Samantha Du, Zai Lab CEO (Zai Lab)

Saman­tha Du's Zai Lab sets its am­bi­tions sky high, look­ing to raise $750M to fu­el its li­cens­ing busi­ness mod­el

Look­ing to cap­i­tal­ize on a bustling Chi­nese drug mar­ket, up­start biotechs like Saman­tha Du’s Zai Lab have made a killing in-li­cens­ing for­eign mol­e­cules as well as de­vel­op­ing their own home­grown as­sets. Now, with even more growth in mind, Zai Lab has of­fered up a healthy chunk of shares on the US mar­ket to fu­el its am­bi­tions.

Zai Lab will of­fer $750 mil­lion in US de­pos­i­to­ry shares as part of a ma­jor cash raise to keep dri­ving its in-li­cens­ing busi­ness en­gine as well as ad­vance its suite of clin­i­cal pro­grams, the Chi­nese biotech said this week.

Ac­cord­ing to its 424(b)(f) prospec­tus, Zai Lab will use rough­ly 30% of those pro­ceeds to­ward “cor­po­rate de­vel­op­ment and li­cens­ing op­por­tu­ni­ties,” the biotech said, look­ing to build on its busi­ness mod­el in-li­cens­ing mol­e­cules for use in Chi­na.

So far, that busi­ness plan has proved lu­cra­tive, and Zai Lab has inked big­ger and big­ger li­cens­ing pacts along the way. Back in Jan­u­ary, Du’s com­pa­ny inked a deal with ar­genx worth a cool $175 mil­lion for re­gion­al rights to au­toim­mune drug ef­gar­tigi­mod in Chi­na, Tai­wan, Hong Kong and Macau. In ex­change, ar­genx CEO Tim Van Hauw­er­meiren got $75 mil­lion up­front in Zai Lab stock, an­oth­er $75 mil­lion as a guar­an­tee from Zai Lab for their cost-shar­ing arrange­ment, and an­oth­er $25 mil­lion mile­stone tied to US ap­proval of the late-stage drug.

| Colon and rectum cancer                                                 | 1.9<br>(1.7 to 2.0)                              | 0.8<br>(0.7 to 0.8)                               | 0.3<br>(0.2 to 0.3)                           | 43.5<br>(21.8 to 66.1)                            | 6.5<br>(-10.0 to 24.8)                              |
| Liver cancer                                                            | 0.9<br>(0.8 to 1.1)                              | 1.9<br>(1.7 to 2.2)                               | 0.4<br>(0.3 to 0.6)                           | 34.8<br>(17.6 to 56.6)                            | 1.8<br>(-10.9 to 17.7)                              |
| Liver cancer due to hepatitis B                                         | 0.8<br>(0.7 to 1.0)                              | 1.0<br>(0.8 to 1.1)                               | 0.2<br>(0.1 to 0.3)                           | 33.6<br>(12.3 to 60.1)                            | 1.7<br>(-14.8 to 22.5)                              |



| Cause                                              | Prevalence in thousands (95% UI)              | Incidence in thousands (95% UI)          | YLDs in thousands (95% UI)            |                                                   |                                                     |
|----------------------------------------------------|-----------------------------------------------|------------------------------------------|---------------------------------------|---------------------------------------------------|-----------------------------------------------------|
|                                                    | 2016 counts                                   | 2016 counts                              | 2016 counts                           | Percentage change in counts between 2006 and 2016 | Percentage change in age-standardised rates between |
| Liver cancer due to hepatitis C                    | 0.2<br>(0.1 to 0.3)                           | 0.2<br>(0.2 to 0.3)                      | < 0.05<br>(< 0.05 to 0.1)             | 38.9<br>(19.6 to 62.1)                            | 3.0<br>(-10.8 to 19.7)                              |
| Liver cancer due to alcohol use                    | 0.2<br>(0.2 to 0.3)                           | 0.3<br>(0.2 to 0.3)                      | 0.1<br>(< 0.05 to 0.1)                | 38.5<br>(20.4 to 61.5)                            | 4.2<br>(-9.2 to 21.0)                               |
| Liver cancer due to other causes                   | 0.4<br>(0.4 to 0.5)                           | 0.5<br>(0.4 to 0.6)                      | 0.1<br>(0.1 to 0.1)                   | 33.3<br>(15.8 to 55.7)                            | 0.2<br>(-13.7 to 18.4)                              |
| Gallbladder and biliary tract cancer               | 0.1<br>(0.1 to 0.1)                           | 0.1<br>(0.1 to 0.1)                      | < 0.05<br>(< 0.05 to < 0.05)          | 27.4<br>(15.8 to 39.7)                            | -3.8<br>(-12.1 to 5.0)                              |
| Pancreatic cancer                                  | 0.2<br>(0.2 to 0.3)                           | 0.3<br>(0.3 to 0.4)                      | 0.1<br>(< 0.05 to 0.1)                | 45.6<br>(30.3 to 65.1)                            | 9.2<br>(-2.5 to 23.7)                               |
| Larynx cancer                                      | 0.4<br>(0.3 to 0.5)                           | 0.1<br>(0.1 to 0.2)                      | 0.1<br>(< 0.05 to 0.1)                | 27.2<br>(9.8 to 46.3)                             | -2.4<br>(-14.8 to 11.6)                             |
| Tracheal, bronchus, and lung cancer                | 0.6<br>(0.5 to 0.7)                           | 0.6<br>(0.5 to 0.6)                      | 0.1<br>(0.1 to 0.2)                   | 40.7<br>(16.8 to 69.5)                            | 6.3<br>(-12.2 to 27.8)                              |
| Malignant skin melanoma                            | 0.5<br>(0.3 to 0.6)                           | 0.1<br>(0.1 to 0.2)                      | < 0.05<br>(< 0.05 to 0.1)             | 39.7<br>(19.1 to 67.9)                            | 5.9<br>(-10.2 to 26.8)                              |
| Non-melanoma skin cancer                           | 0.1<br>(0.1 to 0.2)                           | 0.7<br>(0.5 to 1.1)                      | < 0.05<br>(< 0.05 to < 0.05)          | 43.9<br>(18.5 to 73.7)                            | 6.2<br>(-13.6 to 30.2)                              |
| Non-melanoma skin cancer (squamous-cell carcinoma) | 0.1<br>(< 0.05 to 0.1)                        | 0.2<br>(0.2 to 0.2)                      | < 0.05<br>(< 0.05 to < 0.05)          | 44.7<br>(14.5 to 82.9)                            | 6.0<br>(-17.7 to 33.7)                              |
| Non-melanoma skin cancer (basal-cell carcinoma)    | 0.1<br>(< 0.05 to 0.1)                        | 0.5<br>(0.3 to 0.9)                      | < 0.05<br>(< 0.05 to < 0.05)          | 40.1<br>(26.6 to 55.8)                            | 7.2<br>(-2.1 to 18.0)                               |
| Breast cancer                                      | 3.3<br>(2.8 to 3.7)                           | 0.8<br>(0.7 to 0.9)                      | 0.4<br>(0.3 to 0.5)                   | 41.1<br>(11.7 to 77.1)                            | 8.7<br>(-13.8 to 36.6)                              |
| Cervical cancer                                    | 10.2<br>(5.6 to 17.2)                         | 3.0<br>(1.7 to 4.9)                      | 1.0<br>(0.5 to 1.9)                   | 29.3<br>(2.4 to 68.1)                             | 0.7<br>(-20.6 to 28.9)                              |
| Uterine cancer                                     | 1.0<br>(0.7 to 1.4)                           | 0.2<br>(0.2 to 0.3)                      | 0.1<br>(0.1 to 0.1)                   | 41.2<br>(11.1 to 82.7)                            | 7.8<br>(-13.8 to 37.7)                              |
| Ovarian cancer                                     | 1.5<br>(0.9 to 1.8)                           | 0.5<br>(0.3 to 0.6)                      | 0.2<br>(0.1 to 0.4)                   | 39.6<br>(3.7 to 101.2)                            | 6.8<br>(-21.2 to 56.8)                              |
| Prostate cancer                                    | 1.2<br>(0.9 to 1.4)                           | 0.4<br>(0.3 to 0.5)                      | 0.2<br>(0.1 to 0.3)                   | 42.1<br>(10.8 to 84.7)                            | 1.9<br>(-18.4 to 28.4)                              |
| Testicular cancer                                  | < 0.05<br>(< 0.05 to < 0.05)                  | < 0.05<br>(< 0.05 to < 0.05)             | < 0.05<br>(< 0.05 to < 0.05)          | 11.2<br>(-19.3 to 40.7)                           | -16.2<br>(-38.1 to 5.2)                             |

Zai Lab is al­so the ex­clu­sive Chi­nese li­cense hold­er for Am­gen’s be­mar­ituzum­ab, which just earned the FDA’s break­through des­ig­na­tion in gas­tric can­cer. The mol­e­cule came over as part of Am­gen’s ac­qui­si­tion of Five Prime in March.

In ad­di­tion to adding to its cash pile for po­ten­tial li­cens­es, Zai Lab al­so plans to use a big chunk of its pro­ceeds to ad­vance a suite of drugs through clin­i­cal tri­als — al­lo­cat­ing about 30% of the $750 mil­lion to that ef­fort. One of those projects is a col­lab­o­ra­tion with Novo­cure work­ing on us­ing elec­tri­cal fields to treat non-small cell lung can­cer. The part­ners re­cent­ly scaled back a Phase III tri­al af­ter an in­de­pen­dent da­ta mon­i­tor­ing com­mit­tee saw enough to go on to slow en­roll­ment.